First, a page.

Bill to Protect Conserved Estates Passes Legislature
SACRAMENTO -- Senate Bill 156, legislation by Sen. Jim Beall that ends the unfair and costly penalizing of conserved adults who challenge questionable billings by estate managers, will be sent to the Governor’s desk for consideration after winning overwhelming approval Friday in the state Senate.
“Senate Bill 156 protects conserved adults from being charged exorbitant fees by their conservator,’’ Beall said. “Today, the law can penalize a conserved person who goes to court to protect his or her estate from being drained by questionable charges or fees. A conserved person should never be placed in the untenable position of financing a fight against their own best interests.
“SB 156 ends this inequity by clarifying the law so that conservatees who win their fee challenges in court will no longer be subjected to reimbursing estate managers for the costs of mounting a defense of those unjustified fees.
“SB 156 will act as a deterrent to any unfair padding of costs, thereby reducing incidences of contested cases.”
The bill’s origin comes from stories filed by the San Jose Mercury News about Danny Reed, a conserved man who won a Superior Court case to stop $108,000 in charges sought by his court-appointed estate manager only to learn that he was legally bound to pay for the estate manager’s $286,000 court costs and attorney’s fees that were racked up to fight the challenge, a process known as “fees-on-fees.’’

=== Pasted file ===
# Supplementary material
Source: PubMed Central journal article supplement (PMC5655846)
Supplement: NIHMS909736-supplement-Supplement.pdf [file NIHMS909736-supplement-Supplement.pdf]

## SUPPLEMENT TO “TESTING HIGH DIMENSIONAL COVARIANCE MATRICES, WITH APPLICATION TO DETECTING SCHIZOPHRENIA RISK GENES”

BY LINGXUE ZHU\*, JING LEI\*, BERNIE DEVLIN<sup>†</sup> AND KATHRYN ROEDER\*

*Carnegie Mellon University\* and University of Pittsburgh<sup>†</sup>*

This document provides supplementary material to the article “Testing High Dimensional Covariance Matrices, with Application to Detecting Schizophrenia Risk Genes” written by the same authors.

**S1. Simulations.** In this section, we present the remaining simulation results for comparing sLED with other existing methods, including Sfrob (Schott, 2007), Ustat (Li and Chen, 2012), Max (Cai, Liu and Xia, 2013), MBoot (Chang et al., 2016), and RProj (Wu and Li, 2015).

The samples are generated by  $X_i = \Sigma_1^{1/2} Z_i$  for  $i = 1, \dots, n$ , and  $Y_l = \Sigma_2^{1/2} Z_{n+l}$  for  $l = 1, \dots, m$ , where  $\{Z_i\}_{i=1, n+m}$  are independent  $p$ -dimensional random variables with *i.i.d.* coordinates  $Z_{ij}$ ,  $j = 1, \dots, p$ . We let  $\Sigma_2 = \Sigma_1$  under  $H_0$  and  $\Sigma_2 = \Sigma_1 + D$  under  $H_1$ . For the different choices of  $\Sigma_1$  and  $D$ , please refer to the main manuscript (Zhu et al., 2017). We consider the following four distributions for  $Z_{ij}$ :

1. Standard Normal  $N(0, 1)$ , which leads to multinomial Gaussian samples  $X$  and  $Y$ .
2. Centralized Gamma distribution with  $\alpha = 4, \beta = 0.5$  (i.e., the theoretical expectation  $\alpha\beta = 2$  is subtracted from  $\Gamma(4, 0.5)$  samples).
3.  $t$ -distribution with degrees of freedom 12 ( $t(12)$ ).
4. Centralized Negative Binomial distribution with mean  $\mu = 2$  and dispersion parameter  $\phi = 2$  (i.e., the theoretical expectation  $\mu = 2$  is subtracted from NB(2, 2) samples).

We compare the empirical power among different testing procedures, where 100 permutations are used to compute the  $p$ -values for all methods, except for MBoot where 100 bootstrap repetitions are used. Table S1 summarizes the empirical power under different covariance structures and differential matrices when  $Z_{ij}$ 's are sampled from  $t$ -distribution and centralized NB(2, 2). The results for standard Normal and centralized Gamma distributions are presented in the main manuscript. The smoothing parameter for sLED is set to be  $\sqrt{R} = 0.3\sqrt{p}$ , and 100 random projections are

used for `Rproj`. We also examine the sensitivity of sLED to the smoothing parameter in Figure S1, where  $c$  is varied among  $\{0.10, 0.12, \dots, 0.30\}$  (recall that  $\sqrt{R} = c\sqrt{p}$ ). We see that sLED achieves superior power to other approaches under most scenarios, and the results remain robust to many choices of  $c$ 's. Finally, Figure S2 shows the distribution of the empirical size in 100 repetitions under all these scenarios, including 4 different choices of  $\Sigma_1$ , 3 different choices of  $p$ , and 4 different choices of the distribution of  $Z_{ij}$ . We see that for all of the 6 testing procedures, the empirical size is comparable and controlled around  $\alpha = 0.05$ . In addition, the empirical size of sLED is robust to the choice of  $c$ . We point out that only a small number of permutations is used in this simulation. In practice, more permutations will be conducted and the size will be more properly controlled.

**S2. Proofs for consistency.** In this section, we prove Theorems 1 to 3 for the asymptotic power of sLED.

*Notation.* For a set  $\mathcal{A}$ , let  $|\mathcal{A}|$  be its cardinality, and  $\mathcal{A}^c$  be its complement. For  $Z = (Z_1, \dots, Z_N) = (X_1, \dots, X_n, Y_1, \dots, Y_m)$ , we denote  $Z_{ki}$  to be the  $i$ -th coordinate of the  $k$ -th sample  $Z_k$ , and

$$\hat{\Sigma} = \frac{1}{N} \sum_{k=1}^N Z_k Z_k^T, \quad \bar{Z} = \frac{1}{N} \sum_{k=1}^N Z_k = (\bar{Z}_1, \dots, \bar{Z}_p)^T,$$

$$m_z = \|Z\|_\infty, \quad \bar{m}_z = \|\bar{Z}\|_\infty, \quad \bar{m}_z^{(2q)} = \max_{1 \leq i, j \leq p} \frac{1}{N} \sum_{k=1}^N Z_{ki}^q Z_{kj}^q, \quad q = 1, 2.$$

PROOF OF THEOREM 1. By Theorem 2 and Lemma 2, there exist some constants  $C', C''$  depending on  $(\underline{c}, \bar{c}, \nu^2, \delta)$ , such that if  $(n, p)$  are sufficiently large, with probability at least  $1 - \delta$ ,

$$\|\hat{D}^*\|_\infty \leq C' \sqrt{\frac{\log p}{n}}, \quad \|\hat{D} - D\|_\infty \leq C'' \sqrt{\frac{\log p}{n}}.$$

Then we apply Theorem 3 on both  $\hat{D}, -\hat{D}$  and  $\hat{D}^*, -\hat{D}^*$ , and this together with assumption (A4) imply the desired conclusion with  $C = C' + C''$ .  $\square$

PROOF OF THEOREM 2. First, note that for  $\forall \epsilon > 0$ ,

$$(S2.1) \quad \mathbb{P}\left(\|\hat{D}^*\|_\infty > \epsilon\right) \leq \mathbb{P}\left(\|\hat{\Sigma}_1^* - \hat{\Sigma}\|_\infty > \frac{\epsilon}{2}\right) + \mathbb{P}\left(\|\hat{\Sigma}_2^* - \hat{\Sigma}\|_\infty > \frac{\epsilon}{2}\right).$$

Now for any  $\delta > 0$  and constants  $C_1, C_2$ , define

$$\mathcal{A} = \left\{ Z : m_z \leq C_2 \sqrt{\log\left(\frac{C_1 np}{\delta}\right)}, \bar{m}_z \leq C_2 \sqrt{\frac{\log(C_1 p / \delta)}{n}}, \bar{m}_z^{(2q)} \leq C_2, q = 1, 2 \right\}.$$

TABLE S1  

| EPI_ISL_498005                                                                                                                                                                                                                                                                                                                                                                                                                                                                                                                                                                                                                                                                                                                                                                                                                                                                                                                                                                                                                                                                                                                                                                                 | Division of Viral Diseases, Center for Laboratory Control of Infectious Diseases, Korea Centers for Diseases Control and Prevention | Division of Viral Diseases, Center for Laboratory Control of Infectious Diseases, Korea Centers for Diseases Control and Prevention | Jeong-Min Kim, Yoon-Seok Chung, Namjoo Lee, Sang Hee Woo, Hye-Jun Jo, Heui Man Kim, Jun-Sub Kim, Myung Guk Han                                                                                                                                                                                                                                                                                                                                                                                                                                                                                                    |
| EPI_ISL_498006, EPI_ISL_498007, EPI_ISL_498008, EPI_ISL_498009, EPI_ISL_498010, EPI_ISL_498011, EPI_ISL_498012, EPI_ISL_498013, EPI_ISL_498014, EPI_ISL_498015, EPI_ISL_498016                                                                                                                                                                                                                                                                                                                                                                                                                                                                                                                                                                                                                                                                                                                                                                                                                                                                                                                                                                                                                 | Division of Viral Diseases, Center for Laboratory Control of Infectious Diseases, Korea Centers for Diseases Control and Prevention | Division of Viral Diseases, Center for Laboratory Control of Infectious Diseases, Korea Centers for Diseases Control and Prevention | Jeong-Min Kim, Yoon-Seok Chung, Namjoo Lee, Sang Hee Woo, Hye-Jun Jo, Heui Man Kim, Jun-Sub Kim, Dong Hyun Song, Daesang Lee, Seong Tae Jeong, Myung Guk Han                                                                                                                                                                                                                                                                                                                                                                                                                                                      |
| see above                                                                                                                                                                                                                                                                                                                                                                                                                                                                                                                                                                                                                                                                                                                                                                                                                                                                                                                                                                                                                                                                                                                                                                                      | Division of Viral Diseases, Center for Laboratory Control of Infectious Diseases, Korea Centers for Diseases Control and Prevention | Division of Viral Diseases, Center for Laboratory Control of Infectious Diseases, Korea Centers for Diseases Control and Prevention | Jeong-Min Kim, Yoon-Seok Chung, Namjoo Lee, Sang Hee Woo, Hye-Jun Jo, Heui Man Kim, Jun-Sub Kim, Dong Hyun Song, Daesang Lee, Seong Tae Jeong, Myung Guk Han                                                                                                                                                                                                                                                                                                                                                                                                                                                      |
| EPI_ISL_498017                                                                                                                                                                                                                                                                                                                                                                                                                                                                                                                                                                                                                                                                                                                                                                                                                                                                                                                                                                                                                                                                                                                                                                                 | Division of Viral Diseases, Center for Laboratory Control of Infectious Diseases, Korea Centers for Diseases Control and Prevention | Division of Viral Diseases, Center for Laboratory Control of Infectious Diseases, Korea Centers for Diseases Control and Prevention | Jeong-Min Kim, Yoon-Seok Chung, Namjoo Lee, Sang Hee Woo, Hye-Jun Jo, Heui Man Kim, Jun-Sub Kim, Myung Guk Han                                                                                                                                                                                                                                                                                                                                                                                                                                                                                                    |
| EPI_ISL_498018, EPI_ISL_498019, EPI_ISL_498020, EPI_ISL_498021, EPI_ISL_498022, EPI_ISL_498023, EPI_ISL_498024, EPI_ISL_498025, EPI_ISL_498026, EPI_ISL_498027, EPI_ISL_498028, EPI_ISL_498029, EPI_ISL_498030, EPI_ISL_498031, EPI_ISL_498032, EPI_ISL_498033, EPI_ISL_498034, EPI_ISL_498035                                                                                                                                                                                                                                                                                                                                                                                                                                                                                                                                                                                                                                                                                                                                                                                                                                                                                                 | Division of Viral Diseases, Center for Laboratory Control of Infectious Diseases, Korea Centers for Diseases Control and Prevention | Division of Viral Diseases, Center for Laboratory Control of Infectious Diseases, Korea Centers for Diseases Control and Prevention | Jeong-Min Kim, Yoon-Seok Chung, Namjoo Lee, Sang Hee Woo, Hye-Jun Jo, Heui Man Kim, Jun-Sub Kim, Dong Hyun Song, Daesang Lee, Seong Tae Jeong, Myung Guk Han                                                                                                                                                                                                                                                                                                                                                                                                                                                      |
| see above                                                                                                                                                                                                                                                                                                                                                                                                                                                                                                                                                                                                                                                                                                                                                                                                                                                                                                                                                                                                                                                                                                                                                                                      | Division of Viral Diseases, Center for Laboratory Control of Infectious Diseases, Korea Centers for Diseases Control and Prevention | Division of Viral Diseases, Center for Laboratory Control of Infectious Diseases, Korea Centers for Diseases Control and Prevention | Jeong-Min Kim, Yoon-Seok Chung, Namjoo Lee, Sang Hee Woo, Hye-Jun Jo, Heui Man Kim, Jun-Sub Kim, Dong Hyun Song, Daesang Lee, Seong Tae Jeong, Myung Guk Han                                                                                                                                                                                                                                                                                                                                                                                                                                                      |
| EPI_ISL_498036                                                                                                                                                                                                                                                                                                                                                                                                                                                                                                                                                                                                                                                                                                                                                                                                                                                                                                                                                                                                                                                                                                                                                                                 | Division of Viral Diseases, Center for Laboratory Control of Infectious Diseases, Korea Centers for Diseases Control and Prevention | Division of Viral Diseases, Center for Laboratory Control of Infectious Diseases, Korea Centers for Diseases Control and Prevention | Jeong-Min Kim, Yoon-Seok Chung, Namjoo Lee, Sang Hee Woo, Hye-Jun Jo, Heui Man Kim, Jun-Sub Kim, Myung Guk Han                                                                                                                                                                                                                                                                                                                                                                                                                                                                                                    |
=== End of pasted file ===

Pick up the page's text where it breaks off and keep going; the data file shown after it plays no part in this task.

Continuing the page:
This glitch in the law can force California’s conserved elderly and disabled adults to accept the overcharges solely because it will cost more to challenge them in court, win or lose.
SB 156 changes the law, making clear that if a court decides a conservatee was overcharged by their conservator, the conservatee will not be responsible for the costs incurred by the conservator’s defense.
Attorney Matt Crosby, who represented Danny Reed and played a role in shaping the new legislation, said, “SB 156 is a tremendous benefit to conservatees. It will give them substantial protection from the scourge of "fees-on-fees."’
The bill was praised by Lauren Rolfe, a member of the California Senior Legislature who urged her colleagues to contact the Governor and request that he sign SB 156 into law.
“This bill prevents seniors and dependent adults from being doubly abused when their conservators charge undeserved or outlandish fees,’’ Rolfe said.